- Heat pad for your lower back or TENs machine, check out other NHS pain relief options here. Some ladies also take paracetamol, which should be provided on the ward but can be handy if midwives are busy (always check before taking any medication)
- Mobile phone and charger
- Tablet/Book/Magazine or anything else you may need to keep you entertained
- Phone charger – you may or may not be allowed to use this on the ward, if not you can take a car charger
- Music on your phone or tablet – particularly any music or hypnobirthing audio you plan to listen to during birth
Claire Shenton: “Many many, more maternity pads. They seriously underestimate how many you go through!”
- Snacks and drinks – fruit and nut bars, chocolate, granola bars – think satisfying snacks that provide energy and hydrating water
- Pen and paper in case you want to write something down
- Any leaflets or flashcards you’ve made to help through labour or to assist with things like breastfeeding positions
- Pumping is not usually recommended under 6 weeks for most mums, but if you do need to pump for any reason, the hospital should be able to provide a pump
If you’re having twins or multiple births, use this packing list as a starting point to create a twin packing list.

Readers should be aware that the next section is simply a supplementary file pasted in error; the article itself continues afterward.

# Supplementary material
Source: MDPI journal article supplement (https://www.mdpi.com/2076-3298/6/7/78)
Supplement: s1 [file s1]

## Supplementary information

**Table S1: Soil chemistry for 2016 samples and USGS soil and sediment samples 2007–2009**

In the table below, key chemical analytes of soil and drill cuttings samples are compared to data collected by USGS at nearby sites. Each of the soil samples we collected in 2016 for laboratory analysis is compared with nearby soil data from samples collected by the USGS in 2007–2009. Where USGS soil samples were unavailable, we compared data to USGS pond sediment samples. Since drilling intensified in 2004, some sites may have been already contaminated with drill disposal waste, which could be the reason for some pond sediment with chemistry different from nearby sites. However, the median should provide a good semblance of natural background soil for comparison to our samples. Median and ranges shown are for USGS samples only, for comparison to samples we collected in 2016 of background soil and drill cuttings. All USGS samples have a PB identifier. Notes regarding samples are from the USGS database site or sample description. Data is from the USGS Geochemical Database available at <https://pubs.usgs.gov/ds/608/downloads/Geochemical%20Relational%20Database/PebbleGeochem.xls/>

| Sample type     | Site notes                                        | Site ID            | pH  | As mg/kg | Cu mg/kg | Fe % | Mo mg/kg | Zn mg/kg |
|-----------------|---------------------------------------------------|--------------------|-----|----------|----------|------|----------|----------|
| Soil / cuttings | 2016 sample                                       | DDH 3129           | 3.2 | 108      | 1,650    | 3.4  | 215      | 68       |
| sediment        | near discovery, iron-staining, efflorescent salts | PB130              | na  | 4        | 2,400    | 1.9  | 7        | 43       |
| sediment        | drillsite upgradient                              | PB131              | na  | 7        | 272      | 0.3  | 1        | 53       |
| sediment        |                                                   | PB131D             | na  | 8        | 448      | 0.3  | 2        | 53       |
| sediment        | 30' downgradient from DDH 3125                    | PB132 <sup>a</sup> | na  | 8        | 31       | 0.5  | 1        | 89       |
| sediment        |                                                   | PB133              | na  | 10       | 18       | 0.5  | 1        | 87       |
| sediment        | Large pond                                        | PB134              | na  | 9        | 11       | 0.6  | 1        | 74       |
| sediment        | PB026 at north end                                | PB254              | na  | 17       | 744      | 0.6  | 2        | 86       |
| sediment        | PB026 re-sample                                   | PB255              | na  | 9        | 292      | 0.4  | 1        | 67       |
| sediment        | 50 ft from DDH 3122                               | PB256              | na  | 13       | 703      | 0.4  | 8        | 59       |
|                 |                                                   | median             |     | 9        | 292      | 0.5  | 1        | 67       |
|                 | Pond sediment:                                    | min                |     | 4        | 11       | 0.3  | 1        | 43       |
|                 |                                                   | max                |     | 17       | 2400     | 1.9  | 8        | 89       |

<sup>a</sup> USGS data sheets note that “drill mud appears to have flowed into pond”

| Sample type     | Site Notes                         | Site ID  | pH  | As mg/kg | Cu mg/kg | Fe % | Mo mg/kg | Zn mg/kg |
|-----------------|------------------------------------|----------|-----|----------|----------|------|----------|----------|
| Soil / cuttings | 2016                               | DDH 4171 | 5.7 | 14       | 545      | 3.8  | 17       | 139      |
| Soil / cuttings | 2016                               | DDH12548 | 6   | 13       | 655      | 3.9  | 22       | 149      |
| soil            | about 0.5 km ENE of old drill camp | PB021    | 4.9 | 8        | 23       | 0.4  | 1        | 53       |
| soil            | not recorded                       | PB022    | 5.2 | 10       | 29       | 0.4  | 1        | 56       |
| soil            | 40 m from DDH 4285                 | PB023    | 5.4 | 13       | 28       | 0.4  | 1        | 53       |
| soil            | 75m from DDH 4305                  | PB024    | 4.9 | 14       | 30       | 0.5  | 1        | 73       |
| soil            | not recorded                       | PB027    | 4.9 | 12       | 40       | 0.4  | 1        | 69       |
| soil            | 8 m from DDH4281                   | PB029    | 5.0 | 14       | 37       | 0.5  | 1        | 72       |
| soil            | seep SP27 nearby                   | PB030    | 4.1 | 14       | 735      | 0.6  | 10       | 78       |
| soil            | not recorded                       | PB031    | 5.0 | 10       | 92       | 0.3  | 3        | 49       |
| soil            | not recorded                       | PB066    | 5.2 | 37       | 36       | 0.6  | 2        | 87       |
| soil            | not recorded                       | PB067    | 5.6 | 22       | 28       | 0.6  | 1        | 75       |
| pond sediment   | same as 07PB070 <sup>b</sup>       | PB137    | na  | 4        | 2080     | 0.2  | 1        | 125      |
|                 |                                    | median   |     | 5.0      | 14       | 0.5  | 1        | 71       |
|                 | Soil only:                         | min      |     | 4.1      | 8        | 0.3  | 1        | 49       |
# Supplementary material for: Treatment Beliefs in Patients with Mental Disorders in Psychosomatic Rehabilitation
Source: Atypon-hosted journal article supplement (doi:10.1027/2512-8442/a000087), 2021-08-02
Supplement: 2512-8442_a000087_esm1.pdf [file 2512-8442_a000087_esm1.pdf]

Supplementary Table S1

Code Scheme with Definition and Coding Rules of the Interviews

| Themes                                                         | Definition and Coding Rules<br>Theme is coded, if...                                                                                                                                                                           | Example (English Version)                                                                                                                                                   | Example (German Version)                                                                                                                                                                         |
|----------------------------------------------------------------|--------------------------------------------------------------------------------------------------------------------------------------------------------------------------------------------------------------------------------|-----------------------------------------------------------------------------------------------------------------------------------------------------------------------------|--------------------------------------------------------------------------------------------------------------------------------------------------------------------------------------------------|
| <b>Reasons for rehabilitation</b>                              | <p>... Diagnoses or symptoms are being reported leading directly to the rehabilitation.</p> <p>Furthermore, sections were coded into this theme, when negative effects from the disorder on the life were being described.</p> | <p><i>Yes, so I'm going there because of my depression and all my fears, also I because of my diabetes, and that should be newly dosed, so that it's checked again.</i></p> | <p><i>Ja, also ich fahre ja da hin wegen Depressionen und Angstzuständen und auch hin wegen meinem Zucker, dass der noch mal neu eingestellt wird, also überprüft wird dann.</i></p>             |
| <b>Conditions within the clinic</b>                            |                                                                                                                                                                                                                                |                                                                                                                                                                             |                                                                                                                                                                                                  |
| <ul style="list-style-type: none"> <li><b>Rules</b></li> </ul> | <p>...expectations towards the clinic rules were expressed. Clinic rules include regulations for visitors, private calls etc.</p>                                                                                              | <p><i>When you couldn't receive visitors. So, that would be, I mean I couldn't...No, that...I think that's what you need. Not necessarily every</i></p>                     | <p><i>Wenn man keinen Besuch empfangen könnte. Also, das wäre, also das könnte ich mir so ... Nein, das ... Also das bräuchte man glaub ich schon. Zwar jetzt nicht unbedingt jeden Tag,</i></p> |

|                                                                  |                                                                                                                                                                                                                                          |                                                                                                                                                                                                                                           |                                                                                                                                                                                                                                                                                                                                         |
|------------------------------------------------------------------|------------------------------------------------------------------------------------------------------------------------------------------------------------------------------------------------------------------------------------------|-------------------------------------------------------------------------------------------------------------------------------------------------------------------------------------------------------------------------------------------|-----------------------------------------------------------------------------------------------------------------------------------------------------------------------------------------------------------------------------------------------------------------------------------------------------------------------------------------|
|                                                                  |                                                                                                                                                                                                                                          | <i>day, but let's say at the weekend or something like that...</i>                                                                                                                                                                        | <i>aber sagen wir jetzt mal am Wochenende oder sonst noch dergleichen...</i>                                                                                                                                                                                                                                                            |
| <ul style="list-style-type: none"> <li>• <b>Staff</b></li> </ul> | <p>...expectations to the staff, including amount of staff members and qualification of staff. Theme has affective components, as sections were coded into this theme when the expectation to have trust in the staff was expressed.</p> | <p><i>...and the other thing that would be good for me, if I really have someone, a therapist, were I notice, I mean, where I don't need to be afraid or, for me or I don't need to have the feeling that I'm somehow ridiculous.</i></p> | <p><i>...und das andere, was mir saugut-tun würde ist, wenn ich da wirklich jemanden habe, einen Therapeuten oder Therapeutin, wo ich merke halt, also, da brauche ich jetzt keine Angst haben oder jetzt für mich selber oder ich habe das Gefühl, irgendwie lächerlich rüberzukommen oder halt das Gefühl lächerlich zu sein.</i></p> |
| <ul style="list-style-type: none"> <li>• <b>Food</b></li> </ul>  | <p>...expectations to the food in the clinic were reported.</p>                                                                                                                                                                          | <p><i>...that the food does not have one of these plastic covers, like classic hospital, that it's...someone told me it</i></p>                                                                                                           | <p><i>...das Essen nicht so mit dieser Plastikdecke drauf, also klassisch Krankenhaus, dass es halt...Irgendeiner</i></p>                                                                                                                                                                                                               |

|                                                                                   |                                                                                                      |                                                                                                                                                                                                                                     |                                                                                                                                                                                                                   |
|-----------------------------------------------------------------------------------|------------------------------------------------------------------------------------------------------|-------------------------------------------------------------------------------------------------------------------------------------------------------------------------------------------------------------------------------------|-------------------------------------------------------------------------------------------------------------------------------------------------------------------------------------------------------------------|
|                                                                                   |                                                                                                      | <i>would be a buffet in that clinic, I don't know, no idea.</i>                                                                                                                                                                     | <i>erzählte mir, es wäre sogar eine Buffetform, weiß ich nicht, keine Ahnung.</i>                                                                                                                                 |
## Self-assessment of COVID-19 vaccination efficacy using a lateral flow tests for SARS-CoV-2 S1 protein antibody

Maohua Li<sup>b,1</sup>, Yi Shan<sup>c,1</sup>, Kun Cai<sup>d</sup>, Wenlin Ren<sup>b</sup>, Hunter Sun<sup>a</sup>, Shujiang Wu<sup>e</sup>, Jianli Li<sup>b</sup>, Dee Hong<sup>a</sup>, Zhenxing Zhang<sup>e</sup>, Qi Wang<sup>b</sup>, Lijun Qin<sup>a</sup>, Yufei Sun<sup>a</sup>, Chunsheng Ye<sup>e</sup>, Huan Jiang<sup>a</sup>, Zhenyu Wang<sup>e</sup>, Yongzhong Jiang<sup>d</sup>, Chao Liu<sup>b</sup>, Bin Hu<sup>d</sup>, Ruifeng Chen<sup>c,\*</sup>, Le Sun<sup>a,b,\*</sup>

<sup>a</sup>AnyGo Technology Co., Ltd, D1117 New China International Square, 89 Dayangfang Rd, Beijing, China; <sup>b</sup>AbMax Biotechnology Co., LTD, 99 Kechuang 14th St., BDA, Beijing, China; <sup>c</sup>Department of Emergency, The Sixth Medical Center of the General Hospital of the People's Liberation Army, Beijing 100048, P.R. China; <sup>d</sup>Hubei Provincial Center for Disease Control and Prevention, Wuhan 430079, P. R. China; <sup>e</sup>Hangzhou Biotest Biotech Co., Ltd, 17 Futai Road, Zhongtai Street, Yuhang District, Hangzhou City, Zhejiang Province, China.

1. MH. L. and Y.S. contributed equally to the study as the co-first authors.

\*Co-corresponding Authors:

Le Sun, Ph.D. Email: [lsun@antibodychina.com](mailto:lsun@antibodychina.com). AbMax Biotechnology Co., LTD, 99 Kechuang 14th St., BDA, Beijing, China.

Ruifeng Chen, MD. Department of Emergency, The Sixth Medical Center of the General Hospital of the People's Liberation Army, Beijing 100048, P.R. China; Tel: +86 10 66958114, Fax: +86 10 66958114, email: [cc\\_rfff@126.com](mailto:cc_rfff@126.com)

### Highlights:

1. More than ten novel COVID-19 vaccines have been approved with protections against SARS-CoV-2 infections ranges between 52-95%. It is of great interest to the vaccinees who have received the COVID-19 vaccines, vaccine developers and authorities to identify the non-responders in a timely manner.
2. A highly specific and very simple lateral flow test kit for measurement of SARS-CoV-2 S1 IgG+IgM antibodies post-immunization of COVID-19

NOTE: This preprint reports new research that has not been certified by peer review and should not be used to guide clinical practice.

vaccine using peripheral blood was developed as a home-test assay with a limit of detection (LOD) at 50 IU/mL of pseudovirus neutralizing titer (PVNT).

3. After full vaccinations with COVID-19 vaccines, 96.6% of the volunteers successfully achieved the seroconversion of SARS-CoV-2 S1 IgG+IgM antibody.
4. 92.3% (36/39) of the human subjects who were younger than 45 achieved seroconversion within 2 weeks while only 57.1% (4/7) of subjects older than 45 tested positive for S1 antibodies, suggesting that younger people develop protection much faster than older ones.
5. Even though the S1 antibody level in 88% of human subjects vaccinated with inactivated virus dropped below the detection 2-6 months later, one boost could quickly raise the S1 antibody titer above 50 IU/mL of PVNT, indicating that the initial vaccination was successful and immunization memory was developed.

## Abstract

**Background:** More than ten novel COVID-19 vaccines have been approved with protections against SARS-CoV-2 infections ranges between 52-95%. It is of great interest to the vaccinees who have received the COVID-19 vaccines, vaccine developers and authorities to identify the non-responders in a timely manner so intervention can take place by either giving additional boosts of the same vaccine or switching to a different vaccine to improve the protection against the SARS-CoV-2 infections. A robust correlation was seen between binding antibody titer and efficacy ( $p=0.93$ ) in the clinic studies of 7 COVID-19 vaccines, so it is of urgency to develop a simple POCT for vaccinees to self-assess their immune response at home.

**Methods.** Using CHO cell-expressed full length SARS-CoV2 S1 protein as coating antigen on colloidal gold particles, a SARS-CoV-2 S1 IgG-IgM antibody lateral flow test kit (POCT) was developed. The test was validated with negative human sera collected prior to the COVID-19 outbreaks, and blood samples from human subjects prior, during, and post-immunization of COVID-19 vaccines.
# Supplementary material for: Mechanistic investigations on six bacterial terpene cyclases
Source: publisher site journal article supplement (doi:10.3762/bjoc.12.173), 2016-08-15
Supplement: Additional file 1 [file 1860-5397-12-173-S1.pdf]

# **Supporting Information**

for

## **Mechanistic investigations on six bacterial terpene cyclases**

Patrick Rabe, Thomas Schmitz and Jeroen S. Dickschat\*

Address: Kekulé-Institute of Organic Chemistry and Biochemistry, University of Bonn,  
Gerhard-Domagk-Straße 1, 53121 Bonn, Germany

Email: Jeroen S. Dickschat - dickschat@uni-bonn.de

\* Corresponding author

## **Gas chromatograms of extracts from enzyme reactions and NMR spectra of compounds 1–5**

- A couple of days worth of nappies, wipes, nappy sacks
- 3-4 sleepsuits and vests – you may want to bring tiny baby size plus a size up so that you have different size options
- A baby blanket
- Socks and booties
- Scratch mittens
- Cotton wool balls for cleaning the baby
- A going home outfit for baby
- Soft muslin squares
- Also make sure you have the baby car seat ready in the car too!
- Outdoor clothes (remember no snowsuits or thick coats should be worn when in car seat)
- If you’re formula feeding, you’ll need to take bottles and formula
- Car seat fitted in car to go home
Hospital Bag For Daddy & Birthing Partner
- Change for parking and coffee
- Phone, camera, charger
- Snacks and drinks
- Entertainment – tablet, magazines etc
- Toothbrush – they should be able to share your toiletries
- Any medication
- A change of socks, underwear and t-shirt/top, plus a sweater in case it’s cold
- A pillow from home can be handy for getting comfortable
And there you have it, if you’re packing for your 2nd baby – do you have anything you would add to our list or have you forgotten what you packed last time?